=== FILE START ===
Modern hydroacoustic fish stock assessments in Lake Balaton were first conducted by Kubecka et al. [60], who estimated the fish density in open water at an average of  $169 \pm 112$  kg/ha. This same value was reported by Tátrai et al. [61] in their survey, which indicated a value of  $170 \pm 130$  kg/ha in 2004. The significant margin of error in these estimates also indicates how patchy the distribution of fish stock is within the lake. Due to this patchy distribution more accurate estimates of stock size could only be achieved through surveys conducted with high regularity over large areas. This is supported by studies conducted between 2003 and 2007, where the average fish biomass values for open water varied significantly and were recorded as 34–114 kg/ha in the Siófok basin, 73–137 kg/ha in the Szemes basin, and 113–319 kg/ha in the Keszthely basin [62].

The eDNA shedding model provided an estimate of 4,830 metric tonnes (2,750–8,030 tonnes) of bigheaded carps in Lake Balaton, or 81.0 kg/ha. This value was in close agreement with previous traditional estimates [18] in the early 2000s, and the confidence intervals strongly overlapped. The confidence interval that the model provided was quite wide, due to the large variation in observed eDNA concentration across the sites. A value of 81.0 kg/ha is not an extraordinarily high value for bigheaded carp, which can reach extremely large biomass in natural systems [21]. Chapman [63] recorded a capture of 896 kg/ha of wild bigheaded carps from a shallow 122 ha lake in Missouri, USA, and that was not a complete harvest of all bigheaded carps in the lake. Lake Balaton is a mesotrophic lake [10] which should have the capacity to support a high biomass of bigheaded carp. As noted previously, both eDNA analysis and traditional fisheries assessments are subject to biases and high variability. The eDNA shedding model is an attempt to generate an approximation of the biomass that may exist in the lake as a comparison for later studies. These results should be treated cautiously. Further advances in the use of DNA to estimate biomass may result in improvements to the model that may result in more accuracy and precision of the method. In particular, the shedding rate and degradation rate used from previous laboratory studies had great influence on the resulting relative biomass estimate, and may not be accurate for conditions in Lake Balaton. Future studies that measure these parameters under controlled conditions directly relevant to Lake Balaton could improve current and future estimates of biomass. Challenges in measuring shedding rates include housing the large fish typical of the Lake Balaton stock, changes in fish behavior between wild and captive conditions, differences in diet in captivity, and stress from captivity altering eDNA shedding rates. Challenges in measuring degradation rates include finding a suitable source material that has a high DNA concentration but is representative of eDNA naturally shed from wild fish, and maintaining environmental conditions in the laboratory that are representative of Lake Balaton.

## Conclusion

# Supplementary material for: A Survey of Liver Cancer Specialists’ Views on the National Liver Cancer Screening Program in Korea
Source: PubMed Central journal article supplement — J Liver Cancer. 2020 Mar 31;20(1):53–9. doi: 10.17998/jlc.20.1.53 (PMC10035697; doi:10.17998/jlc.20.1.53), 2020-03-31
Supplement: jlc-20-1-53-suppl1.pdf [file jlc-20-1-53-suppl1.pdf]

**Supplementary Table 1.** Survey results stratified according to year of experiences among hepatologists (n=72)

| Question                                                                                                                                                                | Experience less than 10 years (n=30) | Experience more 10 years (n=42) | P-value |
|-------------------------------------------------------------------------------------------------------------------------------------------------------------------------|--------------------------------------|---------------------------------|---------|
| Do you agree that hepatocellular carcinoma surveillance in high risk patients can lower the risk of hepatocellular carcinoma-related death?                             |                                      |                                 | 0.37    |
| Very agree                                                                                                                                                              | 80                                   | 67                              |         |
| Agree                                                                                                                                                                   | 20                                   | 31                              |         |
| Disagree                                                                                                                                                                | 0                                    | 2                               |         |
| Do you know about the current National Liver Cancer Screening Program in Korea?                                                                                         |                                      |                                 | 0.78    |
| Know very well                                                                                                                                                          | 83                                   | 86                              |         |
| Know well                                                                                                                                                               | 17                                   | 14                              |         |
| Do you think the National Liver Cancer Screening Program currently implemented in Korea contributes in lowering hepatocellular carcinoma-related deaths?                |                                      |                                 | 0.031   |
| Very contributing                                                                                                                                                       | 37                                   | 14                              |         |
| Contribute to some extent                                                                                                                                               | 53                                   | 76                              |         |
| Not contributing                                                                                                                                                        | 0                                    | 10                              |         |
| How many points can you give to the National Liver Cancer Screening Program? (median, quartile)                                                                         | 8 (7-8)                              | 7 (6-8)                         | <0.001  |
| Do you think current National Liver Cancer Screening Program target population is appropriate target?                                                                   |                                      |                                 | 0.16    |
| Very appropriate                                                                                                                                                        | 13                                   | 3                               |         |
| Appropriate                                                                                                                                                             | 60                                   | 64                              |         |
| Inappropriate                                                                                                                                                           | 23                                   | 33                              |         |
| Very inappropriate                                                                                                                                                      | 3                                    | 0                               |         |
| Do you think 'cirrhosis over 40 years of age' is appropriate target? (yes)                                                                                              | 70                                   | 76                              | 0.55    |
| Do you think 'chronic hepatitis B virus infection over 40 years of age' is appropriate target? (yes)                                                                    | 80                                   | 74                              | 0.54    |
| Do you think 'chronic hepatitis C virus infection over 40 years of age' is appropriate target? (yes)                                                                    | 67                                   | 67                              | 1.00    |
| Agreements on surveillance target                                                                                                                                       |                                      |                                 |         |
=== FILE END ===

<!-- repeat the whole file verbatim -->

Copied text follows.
Modern hydroacoustic fish stock assessments in Lake Balaton were first conducted by Kubecka et al. [60], who estimated the fish density in open water at an average of  $169 \pm 112$  kg/ha. This same value was reported by Tátrai et al. [61] in their survey, which indicated a value of  $170 \pm 130$  kg/ha in 2004. The significant margin of error in these estimates also indicates how patchy the distribution of fish stock is within the lake. Due to this patchy distribution more accurate estimates of stock size could only be achieved through surveys conducted with high regularity over large areas. This is supported by studies conducted between 2003 and 2007, where the average fish biomass values for open water varied significantly and were recorded as 34–114 kg/ha in the Siófok basin, 73–137 kg/ha in the Szemes basin, and 113–319 kg/ha in the Keszthely basin [62].

The eDNA shedding model provided an estimate of 4,830 metric tonnes (2,750–8,030 tonnes) of bigheaded carps in Lake Balaton, or 81.0 kg/ha. This value was in close agreement with previous traditional estimates [18] in the early 2000s, and the confidence intervals strongly overlapped. The confidence interval that the model provided was quite wide, due to the large variation in observed eDNA concentration across the sites. A value of 81.0 kg/ha is not an extraordinarily high value for bigheaded carp, which can reach extremely large biomass in natural systems [21]. Chapman [63] recorded a capture of 896 kg/ha of wild bigheaded carps from a shallow 122 ha lake in Missouri, USA, and that was not a complete harvest of all bigheaded carps in the lake. Lake Balaton is a mesotrophic lake [10] which should have the capacity to support a high biomass of bigheaded carp. As noted previously, both eDNA analysis and traditional fisheries assessments are subject to biases and high variability. The eDNA shedding model is an attempt to generate an approximation of the biomass that may exist in the lake as a comparison for later studies. These results should be treated cautiously. Further advances in the use of DNA to estimate biomass may result in improvements to the model that may result in more accuracy and precision of the method. In particular, the shedding rate and degradation rate used from previous laboratory studies had great influence on the resulting relative biomass estimate, and may not be accurate for conditions in Lake Balaton. Future studies that measure these parameters under controlled conditions directly relevant to Lake Balaton could improve current and future estimates of biomass. Challenges in measuring shedding rates include housing the large fish typical of the Lake Balaton stock, changes in fish behavior between wild and captive conditions, differences in diet in captivity, and stress from captivity altering eDNA shedding rates. Challenges in measuring degradation rates include finding a suitable source material that has a high DNA concentration but is representative of eDNA naturally shed from wild fish, and maintaining environmental conditions in the laboratory that are representative of Lake Balaton.

## Conclusion

# Supplementary material for: A Survey of Liver Cancer Specialists’ Views on the National Liver Cancer Screening Program in Korea
Source: PubMed Central journal article supplement — J Liver Cancer. 2020 Mar 31;20(1):53–9. doi: 10.17998/jlc.20.1.53 (PMC10035697; doi:10.17998/jlc.20.1.53), 2020-03-31
Supplement: jlc-20-1-53-suppl1.pdf [file jlc-20-1-53-suppl1.pdf]

**Supplementary Table 1.** Survey results stratified according to year of experiences among hepatologists (n=72)

| Question                                                                                                                                                                | Experience less than 10 years (n=30) | Experience more 10 years (n=42) | P-value |
|-------------------------------------------------------------------------------------------------------------------------------------------------------------------------|--------------------------------------|---------------------------------|---------|
| Do you agree that hepatocellular carcinoma surveillance in high risk patients can lower the risk of hepatocellular carcinoma-related death?                             |                                      |                                 | 0.37    |
| Very agree                                                                                                                                                              | 80                                   | 67                              |         |
| Agree                                                                                                                                                                   | 20                                   | 31                              |         |
| Disagree                                                                                                                                                                | 0                                    | 2                               |         |
| Do you know about the current National Liver Cancer Screening Program in Korea?                                                                                         |                                      |                                 | 0.78    |
| Know very well                                                                                                                                                          | 83                                   | 86                              |         |
| Know well                                                                                                                                                               | 17                                   | 14                              |         |
| Do you think the National Liver Cancer Screening Program currently implemented in Korea contributes in lowering hepatocellular carcinoma-related deaths?                |                                      |                                 | 0.031   |
| Very contributing                                                                                                                                                       | 37                                   | 14                              |         |
| Contribute to some extent                                                                                                                                               | 53                                   | 76                              |         |
| Not contributing                                                                                                                                                        | 0                                    | 10                              |         |
| How many points can you give to the National Liver Cancer Screening Program? (median, quartile)                                                                         | 8 (7-8)                              | 7 (6-8)                         | <0.001  |
| Do you think current National Liver Cancer Screening Program target population is appropriate target?                                                                   |                                      |                                 | 0.16    |
| Very appropriate                                                                                                                                                        | 13                                   | 3                               |         |
| Appropriate                                                                                                                                                             | 60                                   | 64                              |         |
| Inappropriate                                                                                                                                                           | 23                                   | 33                              |         |
| Very inappropriate                                                                                                                                                      | 3                                    | 0                               |         |
| Do you think 'cirrhosis over 40 years of age' is appropriate target? (yes)                                                                                              | 70                                   | 76                              | 0.55    |
| Do you think 'chronic hepatitis B virus infection over 40 years of age' is appropriate target? (yes)                                                                    | 80                                   | 74                              | 0.54    |
| Do you think 'chronic hepatitis C virus infection over 40 years of age' is appropriate target? (yes)                                                                    | 67                                   | 67                              | 1.00    |
| Agreements on surveillance target                                                                                                                                       |                                      |                                 |         |